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I spotted an (insert obscure car name here) classic car today!

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  • fintailfintail Posts: 32,890
    edited December 2012
    I used to really dislike the funky midrange cars like the Polara, but I don't mind the design so much now. It was original, if anything. The 1962 versions are the weirdest, but also the coolest, for what they are.

    To me, this looks very 1960-61 which for a 1964 domestic wasn't a good thing:

    image
  • omarmanomarman Posts: 674
    That story reminds me of something posted regarding the issue of what makes a SBC 327/250 hp a unique "Corvette engine" compared to a 327/250 hp V8 in a Biscayne. I missed the response to that but I think the answer lies in both the parts and part numbers.

    There were some unique engine blocks, heads, etc available exclusively for Corvettes plus there were specific stampings and codes on all engines used for Corvette production. Regardless of hp ratings a 327 from another Chevy model really couldn't pass for a numbers matching classic Corvette engine could it? I mean not unless there was some kind of restamping trickery going on.

    Isn't that where all this numbers matching biz began?
  • berriberri Posts: 4,000
    I liked the 64 Plymouth and Dodge coupe C pillar treatment. They moved it over to the intermediates in 65. Very clean looking to me.
  • jljacjljac Posts: 649
    Was anything actually changed on the Studebaker 6-cyl during that timeframe, or did Stude (along with other manufacturers no doubt) simply get loose and sloppy with their hp figures, and inflate them in later years?

    Studebaker actually did the opposite of what you said. I checked the specifications and although the Studebaker 6 was originally rated at 75 hp, by 1951 it was up to 85 hp. By 1955 the displacement was increased from 169.6 cu.in. to 185.6 cu.in with 101 hp and remained that way until 1959 when Studebaker wanted the best economy for the Lark, so it reduced the displacement back to 169.6 cu.in. (same bore & stroke as 1946-1954) and it then had 90 hp. The difference was in the engine compression ratio and gasoline, although I think it had a different camshaft.

    Engine compession makes a big difference in peformance. For example, Packard sold its V-8 to AMC to put in the the 1955-56 Hudson, but they sold it with thicker head gaskets so it did not have as much horsepower. This made the people at AMC upset. I do not recall what the exact difference (I think it was 10 hp) was but if anyone compares the 1955-56 Hudson to the same size Packard engine, there is a difference although the engines are the same.
  • explorerx4explorerx4 Central CTPosts: 9,444
    edited December 2012
    Race on Sunday, sell on Monday! or in the case of Lemans, Race on Saturday starting @ 3pm through Sunday.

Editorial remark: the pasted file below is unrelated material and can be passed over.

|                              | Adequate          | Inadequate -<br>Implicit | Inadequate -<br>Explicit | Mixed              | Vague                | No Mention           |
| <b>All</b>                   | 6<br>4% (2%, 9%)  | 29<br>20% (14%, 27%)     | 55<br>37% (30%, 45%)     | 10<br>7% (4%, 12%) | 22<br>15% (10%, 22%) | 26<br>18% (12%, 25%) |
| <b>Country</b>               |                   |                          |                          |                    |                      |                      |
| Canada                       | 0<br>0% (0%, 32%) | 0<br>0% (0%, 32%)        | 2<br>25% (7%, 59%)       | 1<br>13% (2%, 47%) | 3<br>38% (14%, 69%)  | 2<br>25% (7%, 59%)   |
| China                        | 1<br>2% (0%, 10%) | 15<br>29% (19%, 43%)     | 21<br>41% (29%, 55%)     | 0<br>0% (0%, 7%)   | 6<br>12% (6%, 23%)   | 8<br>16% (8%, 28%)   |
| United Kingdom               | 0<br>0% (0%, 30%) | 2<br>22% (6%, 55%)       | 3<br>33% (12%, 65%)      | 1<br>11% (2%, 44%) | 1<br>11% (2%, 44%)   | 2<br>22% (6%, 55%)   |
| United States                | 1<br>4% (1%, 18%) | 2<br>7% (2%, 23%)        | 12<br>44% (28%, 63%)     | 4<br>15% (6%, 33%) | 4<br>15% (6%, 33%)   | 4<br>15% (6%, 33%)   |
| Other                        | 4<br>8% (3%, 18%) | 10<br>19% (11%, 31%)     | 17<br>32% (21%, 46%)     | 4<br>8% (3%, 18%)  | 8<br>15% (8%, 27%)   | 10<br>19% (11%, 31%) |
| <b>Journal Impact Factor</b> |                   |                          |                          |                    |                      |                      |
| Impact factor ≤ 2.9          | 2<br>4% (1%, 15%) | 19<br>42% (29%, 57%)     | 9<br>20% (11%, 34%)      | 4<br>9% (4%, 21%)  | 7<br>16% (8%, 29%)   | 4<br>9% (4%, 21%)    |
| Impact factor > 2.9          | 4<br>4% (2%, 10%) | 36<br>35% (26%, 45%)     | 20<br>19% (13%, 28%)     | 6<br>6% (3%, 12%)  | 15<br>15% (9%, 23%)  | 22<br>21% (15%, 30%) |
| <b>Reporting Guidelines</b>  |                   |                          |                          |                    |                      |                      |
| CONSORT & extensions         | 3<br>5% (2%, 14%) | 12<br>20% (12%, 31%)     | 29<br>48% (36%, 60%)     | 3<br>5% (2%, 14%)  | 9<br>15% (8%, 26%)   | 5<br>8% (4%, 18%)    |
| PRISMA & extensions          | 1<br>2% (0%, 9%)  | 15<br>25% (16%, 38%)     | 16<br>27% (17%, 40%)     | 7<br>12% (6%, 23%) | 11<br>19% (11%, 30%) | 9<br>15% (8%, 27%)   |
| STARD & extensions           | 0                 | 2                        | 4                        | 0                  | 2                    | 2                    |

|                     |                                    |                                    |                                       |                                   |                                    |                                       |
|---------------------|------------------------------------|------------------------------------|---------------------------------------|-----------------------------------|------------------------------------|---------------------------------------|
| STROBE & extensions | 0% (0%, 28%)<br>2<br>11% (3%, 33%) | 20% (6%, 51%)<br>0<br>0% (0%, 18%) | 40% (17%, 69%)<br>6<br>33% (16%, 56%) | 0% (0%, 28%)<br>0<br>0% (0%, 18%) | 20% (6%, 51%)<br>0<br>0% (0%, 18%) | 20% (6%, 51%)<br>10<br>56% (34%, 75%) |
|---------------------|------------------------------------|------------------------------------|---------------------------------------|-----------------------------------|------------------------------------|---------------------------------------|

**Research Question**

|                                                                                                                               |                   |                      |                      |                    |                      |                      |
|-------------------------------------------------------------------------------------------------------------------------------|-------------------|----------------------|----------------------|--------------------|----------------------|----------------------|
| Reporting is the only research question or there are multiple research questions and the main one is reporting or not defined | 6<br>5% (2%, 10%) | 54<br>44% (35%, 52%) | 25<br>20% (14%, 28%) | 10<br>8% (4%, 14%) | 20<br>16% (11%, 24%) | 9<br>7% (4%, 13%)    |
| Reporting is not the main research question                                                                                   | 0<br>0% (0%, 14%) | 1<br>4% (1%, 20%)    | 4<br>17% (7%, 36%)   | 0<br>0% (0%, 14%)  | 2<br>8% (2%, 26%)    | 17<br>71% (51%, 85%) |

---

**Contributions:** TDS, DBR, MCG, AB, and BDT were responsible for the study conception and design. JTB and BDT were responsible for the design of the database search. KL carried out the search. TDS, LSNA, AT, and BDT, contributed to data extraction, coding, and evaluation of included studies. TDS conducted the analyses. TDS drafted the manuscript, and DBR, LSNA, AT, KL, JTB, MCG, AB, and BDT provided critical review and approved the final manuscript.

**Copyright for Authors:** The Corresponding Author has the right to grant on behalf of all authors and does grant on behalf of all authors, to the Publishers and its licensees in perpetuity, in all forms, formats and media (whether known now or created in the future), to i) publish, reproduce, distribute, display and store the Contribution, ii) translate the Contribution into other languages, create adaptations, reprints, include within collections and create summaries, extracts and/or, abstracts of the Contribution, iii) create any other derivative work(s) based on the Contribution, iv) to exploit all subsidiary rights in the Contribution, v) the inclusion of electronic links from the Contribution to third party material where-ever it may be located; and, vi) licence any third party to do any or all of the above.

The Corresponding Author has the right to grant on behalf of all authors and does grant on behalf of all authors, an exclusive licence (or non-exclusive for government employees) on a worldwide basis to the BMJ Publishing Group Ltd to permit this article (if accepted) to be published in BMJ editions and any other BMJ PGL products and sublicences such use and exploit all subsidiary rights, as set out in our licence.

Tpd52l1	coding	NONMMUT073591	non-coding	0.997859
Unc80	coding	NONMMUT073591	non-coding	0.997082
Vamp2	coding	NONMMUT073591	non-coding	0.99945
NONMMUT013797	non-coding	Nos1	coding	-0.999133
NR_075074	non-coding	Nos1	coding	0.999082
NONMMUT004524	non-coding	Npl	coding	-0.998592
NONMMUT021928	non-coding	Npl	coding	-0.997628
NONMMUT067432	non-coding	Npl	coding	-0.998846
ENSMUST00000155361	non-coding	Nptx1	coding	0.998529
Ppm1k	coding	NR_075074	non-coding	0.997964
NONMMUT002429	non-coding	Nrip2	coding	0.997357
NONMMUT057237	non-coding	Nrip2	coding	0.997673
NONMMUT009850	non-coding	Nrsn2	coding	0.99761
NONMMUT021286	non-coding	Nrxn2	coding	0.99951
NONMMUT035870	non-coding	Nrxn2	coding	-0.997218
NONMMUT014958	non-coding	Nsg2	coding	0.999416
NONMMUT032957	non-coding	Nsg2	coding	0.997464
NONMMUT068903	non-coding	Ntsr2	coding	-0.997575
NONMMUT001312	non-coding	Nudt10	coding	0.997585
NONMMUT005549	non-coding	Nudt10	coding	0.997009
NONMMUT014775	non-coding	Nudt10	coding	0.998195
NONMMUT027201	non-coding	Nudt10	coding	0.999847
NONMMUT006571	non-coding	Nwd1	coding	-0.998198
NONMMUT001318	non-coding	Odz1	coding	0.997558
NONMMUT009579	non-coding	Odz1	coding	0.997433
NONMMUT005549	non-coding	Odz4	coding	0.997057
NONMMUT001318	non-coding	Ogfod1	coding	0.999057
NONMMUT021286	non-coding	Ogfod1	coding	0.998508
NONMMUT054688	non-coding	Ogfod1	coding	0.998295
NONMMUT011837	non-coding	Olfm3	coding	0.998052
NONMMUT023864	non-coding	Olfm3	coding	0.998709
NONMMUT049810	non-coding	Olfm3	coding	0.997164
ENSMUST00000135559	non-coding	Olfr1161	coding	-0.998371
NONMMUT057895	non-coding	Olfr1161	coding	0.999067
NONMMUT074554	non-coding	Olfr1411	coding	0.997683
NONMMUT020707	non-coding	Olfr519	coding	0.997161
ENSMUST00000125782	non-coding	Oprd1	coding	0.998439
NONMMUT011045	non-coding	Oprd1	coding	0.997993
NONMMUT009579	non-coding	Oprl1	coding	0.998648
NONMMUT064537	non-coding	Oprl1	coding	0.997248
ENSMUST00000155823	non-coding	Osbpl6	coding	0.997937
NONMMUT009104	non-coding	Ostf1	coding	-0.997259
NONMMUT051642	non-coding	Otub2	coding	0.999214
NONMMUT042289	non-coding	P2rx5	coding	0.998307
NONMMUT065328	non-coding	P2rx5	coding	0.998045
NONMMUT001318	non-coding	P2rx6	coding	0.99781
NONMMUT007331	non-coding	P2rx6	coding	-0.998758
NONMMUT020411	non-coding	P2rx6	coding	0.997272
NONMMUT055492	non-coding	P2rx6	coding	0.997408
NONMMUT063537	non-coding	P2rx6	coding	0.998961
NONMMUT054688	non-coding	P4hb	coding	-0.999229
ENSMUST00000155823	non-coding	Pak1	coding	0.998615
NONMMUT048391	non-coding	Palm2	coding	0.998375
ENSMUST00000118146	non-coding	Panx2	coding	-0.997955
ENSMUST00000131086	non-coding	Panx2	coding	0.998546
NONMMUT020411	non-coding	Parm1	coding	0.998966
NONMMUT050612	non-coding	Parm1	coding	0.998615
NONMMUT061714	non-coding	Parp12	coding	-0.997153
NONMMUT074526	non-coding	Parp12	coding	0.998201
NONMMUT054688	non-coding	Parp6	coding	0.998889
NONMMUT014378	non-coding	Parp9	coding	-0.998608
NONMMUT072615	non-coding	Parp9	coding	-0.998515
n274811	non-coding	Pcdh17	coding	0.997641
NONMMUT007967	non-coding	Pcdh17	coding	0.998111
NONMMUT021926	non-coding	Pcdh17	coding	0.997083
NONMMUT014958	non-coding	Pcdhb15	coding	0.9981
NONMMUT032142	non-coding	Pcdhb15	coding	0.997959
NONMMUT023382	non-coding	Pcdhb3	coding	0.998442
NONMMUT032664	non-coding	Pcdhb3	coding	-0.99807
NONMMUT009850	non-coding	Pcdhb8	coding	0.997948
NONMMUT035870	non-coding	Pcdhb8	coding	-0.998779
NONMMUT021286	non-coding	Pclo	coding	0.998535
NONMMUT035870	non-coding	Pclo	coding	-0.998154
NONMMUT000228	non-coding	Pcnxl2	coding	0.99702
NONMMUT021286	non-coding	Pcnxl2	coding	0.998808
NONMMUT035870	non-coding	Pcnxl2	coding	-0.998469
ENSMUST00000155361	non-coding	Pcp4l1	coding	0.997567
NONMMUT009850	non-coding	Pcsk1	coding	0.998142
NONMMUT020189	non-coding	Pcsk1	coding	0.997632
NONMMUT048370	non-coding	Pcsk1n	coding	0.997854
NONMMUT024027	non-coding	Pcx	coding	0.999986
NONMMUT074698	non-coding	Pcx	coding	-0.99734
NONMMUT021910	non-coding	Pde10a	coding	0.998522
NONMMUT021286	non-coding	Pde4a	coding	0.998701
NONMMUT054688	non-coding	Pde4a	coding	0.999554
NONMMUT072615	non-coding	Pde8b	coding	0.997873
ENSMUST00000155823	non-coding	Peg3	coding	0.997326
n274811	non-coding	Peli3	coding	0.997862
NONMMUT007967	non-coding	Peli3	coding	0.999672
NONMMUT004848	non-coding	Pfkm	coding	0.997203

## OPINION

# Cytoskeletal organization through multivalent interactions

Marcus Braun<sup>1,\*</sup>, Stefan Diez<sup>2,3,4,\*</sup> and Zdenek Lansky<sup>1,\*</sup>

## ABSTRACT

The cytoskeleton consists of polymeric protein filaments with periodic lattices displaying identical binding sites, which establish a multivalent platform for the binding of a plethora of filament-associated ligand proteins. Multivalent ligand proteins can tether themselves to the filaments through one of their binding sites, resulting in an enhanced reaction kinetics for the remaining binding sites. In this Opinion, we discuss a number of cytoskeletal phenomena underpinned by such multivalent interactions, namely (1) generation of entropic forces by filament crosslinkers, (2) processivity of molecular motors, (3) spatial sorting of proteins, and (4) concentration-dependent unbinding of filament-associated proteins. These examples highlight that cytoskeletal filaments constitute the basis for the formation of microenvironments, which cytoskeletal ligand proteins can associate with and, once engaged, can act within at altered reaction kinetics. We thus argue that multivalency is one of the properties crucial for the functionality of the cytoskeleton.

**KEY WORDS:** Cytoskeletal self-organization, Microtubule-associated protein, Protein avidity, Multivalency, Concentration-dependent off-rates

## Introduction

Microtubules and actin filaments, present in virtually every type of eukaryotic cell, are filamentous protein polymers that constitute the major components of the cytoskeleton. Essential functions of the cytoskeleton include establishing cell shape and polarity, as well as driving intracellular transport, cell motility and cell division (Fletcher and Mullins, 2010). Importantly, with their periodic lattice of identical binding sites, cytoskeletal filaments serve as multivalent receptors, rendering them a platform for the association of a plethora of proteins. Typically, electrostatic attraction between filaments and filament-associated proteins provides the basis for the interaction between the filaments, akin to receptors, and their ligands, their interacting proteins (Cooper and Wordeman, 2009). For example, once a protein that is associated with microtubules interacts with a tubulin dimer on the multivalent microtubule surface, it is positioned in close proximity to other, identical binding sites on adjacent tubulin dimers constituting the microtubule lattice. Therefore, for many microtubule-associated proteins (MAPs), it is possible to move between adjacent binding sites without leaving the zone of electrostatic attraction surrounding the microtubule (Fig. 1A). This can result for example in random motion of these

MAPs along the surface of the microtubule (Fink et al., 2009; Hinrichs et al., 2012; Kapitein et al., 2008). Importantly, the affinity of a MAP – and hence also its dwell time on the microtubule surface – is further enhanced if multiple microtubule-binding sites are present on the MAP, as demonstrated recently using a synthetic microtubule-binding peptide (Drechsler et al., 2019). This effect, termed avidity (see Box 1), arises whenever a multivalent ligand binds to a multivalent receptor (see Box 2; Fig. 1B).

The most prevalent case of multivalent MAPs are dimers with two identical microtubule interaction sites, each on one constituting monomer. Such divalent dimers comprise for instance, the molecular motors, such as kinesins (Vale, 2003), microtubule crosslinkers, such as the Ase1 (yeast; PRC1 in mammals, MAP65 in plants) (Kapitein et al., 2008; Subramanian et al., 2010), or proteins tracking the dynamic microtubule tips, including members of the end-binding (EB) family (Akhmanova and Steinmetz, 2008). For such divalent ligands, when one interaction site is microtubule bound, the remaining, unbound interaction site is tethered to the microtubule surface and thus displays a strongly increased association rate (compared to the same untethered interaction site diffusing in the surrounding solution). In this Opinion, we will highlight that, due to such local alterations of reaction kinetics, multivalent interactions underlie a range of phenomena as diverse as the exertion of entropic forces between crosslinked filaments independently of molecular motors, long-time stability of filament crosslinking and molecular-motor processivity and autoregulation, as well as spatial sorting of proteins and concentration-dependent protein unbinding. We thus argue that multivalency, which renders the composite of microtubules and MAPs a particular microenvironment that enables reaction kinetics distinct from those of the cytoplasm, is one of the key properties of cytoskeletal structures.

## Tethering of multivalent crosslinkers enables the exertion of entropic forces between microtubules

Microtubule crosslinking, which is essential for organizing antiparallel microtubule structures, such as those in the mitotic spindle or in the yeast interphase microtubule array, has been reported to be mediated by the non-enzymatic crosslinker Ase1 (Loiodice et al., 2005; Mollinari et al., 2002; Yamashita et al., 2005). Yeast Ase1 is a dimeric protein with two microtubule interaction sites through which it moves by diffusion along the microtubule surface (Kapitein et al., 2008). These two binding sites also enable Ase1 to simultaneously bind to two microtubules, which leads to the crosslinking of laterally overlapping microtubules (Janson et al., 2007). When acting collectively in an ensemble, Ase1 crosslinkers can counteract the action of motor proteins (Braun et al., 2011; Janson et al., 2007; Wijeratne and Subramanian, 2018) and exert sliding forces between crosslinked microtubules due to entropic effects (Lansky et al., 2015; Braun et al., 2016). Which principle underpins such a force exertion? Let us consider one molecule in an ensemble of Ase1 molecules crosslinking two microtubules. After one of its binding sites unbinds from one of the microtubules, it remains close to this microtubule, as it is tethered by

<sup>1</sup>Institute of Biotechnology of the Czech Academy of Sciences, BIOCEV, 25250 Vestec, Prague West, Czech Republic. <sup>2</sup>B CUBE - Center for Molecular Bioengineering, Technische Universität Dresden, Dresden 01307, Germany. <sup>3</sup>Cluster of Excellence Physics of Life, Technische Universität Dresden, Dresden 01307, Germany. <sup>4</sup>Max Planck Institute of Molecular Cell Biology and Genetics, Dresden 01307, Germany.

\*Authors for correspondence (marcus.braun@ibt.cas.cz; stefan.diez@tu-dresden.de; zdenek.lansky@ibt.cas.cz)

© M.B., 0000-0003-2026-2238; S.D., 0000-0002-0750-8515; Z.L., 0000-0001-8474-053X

• jljacjljac Posts: 649
    edited December 2012
    283 and 327 Chevys used to beat my '55 Studebaker all the time (racing in the mid 1960s).

    This is the type of unfair comparison I spoke of earlier. Of course a 283 Chevrolet engine that was built between 1957 to 1967 or a 327 Chevy that was built between 1962-69 can beat a 1955 Studebaker V-8 with only 259 cu.in. I have owned both a 1955 Studebaker and a 1963 R-1 Avanti. I never considered the 1955 to be a fast because I owned the Avanti first and found that the 1955 Commander was a slug compared to the Avanti.

    The 1955 is not considered to be a great performer when compared to later Studebakers which had moved up to 289 ci. in. by 1957 when the 283 Chevy motor first appeared. The R-series Larks and Avantis are considered to be the performers. Those are the cars that show up at the annual Muscle Car Drags in the video clips that Uplanderguy posted earlier at the Studebaker forum. All Hawk-type bodies are considered low and slow, as they were when Andy Granatelli was setting speed records.

    At the same time, I consider a stock 1955 Chevy to be a slug compared to a stock 1963 R-1 Avanti The Avanti has a 60 hp advantage on the ‘55 power pack Chevy and a weight advantage as well. I know this because I raced in the NHRA K-stock stick class at Island Drag Raceway at Hacketstown New Jersey in the mid 70's when I was stationed at Ft. Dix and was happy to find that stock 1955 Chevys were present and hoped that nothing fast would show up in my class.
    image
  • MrShift@EdmundsMrShift@Edmunds Posts: 43,633
    edited December 2012
    An R-1 Avanti is not very fast either, but displacement gives you more torque, and that counts in drag racing.

    My GT Hawk was kind of a slug, too, but once it got rolling, it was pretty okay. ('63). It was an automatic, and a heavy car. I wouldn't dare race a 327 but I could pick off a 283 with turboglide (I know, not fair).

    The very early Chevy motors could really rev and on a short track, that really mattered in the 50s--most V8s back then then were oversquare weren't they?---and not great breathers.

    is that you in the picture? Cool! :shades:

    I actually went so far as to buy a used supercharger but when I learned what was involved in rebuilding it, I blanched. This was pretty much a "back to the factory" proposition then, and it cost something like $1000 in 1968 dollars---it seemed like a fortune at the time. My idea was to use the blower in a Lark convertible--white with red interior. I had a thing for those stubby little cars.

    Now of course a Mini Cooper water pump would probably cost close to $1000.
  • jljacjljac Posts: 649
    For example, Packard sold its V-8 to AMC to put in the the 1955-56 Hudson, but they sold it with thicker head gaskets so it did not have as much horsepower. This made the people at AMC upset.